'A very pretty place...'
An hour or two in an exquisite garden can be as pampering as a spa break, says our expert
I was in York for a few days, staying with friends who have a knack for organising outings that are at the same time action-packed and as de-stressing as any ‘pampering weekend’ at a luxury spa. And so, on a perfect summer’s day we spent two hours being shown around the glorious gardens of Middlethorpe Hall by the head gardener, the talented David Barker, before lunching on the terrace, from which there is the elegant prospect of the south lawn, and beyond it, in seamless continuity thanks to a rather classy ha-ha, the park and a lake.
Middlethorpe Hall is owned by the National Trust, and the house and garden are as manicured as one would expect. It is, in fact, a four-star luxury hotel in the City of York, superbly located, on the edge of the racecourse, and set in 20 acres of gardens and grounds. A beautifully proportioned William and Mary house, built c1699-1701 of mellow red brick with limestone dressings, Middlethorpe Hall was once owned by the 18th-century traveller and diarist Lady Mary Wortley Montagu, who pronounced it ‘a very pretty place’.
The property was acquired by Historic House Hotels Ltd in 1980, one of three rundown country houses the company set out to rescue, restore and operate as luxury hotels. In 2008, the company and its properties (the other two are Bodysgallen Hall in North Wales and Hartwell House in the Vale of Aylesbury) were donated to the National Trust.
David Barker was brought in to restore the gardens in 1982. When he arrived, he said, they were pretty much a blank canvas. The walled garden was there, although very overgrown, and the magnificent specimen trees, some of them 180 years old. The trees are still a remarkable feature of the gardens and include a magnificent Cedar of Lebanon on the south lawn, a Wellingtonia, a River Birch, a Dawn Redwood and a Northern Red Oak among others.
As you sit on the terrace, breathing in the tranquillity of the vast expanse of lawn dotted with ancient trees, there is no glimpse as yet of the sequence of small gardens, each made secret by tall yew or holly hedges, rather like a small Hidcote, that await inspection in the eastern part of the garden, in the vicinity of the old walled garden. You enter first the shaded garden, with a huge Spanish Chestnut, a Turkey Oak and masses of bulbs in spring. A curved path leads through an arched opening in a tall yew hedge into the lavender walk, and then a long pool garden, its narrow walls lined with rigorously deadheaded Rosa mundi. There is a white garden with a high holly hedge on one side and the brick wall of the kitchen garden on the other. White wisteria clothes part of this wall, underplanted with Agapanthus campanulatus var. albidus. Here also are asters, such as the small-leaved and tiny-flowered white Aster divaricatus.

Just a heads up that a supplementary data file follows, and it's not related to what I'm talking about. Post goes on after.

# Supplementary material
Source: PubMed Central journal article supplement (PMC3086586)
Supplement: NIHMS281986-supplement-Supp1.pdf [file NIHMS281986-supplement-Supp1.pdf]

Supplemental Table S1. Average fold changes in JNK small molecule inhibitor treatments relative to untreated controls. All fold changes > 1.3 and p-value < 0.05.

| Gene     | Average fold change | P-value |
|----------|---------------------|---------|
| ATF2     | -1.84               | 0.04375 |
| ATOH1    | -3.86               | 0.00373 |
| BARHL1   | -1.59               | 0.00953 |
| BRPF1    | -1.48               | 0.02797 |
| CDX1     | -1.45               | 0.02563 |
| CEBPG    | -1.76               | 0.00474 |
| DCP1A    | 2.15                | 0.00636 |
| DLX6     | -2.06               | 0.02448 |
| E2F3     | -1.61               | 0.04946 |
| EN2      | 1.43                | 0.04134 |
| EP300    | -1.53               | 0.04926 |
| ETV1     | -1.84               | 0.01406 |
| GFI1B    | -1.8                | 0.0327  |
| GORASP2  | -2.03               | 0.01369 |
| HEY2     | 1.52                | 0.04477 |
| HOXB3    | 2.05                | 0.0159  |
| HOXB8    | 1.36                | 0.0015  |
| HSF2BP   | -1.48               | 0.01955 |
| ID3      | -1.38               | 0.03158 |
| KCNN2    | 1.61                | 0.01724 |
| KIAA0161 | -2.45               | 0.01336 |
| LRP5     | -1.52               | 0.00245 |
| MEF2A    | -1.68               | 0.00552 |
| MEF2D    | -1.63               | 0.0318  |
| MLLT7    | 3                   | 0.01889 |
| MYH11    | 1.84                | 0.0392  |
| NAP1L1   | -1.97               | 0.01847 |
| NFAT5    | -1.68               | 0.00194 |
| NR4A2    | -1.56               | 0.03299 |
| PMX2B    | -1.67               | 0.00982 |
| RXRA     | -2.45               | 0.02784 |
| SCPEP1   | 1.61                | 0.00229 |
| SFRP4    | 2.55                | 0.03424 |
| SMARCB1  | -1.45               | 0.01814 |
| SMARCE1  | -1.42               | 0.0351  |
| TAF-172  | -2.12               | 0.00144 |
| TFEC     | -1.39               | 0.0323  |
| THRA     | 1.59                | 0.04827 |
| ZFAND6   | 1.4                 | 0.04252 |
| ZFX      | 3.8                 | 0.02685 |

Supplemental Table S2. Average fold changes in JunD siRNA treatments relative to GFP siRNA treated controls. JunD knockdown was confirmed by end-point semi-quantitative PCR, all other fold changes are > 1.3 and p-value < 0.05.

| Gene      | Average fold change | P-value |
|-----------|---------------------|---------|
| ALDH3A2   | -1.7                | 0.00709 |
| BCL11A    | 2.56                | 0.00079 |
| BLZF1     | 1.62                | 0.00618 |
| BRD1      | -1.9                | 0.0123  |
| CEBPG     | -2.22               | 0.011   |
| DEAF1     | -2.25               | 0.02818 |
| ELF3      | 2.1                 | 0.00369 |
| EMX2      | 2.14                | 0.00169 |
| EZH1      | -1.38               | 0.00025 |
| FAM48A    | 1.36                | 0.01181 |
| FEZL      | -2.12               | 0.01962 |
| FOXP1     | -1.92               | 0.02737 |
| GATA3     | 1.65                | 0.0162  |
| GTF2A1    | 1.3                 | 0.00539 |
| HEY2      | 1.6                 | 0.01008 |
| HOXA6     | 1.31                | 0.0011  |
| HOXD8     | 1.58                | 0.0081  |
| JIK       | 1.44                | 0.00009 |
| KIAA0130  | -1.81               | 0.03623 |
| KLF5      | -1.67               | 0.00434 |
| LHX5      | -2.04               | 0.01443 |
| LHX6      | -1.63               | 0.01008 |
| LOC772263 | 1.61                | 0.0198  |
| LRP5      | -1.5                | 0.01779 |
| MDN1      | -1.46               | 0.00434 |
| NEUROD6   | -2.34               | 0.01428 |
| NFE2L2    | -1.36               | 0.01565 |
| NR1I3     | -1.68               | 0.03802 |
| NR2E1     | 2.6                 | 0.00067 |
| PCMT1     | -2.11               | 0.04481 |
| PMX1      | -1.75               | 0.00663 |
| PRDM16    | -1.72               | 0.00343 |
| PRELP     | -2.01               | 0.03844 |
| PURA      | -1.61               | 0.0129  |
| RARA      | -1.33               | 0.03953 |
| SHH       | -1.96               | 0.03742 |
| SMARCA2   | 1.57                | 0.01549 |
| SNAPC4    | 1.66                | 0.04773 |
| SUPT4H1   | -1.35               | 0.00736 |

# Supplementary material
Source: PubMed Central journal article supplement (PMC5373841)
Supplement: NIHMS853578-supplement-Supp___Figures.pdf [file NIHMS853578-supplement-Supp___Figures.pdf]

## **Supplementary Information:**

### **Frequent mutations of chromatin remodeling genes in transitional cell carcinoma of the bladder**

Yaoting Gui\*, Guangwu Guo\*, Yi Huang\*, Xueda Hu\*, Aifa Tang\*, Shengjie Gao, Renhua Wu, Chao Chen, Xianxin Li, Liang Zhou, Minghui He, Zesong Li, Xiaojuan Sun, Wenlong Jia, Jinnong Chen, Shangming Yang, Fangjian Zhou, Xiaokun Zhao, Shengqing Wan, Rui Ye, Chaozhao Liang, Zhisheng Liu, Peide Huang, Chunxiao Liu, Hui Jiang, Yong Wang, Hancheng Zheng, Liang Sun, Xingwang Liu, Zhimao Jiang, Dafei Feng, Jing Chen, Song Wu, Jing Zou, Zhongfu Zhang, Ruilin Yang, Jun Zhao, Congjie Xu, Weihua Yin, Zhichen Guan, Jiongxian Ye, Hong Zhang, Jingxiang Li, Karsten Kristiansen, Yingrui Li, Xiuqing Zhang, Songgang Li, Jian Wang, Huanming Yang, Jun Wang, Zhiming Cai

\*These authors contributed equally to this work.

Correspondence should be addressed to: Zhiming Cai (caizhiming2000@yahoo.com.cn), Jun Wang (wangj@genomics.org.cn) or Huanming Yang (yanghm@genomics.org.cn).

Part of the walled kitchen garden is given over to magnificent herbaceous borders, bursting with huge plants of Acanthus mollis (bear’s breeches), cranesbills and great wigwams of Spencer sweet peas. There are espaliered fruit trees everywhere, a cutting bed with flowers for the house, and many unusual plants such as the Azara microphylla on the south wall of the dovecote. In spring, its small yellow flowers fill the air with the scent of vanilla. In the rose garden are some of the magnificent modern shrub roses I love, including ‘Fruhlingsmorgen’, with its pale pink single flowers with yellow centres, and the towering ‘Nevada’.
This is a plantsman’s garden, full of surprises, but restful too. The hotel, of course, does have a spa, but I recommend instead (or as well) an hour or two in the garden, and lunch or tea, while summer lingers, on the handsome terrace.
Middlethorpe Hall and Spa, Bishopsthorpe Road, York YO23 2GB: 01904-641241, www.middlethorpe.com
Among the many delightful touches that made the Olympic Games such a joy, and are now doing the same for the Paralympics, are the gorgeous little bouquets presented to athletes, along with their medals, at the victory ceremonies.
The Victory Bouquet, a modern take on the sweetsmelling nosegay whose name goes back to the 15th century, was designed by Susan Lapworth, the creative director of florists Jane Packer. It consists of four varieties of boldly coloured roses, arranged in quadrants, mirroring the 2012 logo. The roses used are ‘Ilios’, a vibrant yellow, ‘Marie Claire’, a flaming orange, ‘Aqua, pink, and ‘Wimbledon’, a luminous green. English lavender, rosemary, apple mint and wheat mark the sections and contribute to a summery fragrance.
The flowers and herbs are all British grown, and the 4,800 bouquets are made up by floristry students from Writtle College in Essex, Adult Education College Bexley in Kent and Kingston Maurward College in Dorset.
Medal winners have been tossing their bouquets into the ecstatic crowds cheering the victory ceremonies. The flowers will last for five days, so let’s hope the lucky members of the public who catch a nosegay have the presence of mind to take it home and put it in water.
Plant of the week
Aster x frikartii ‘Monch’ is a beautiful late-summer perennial, with lavender/blue daisy-like flowers from August to September. It tends to flop, so needs staking. Best in full sun. Height: 90cm; spread: 40cm. £7.99: www.crocus.co.uk
Daily tip from the lady archive
"DEEPLY-ROOTED is the idea that men are indifferent to dress, while the ladies, God bless them, think of nothing else"The Lady, With Prejudice, 8th January, 1942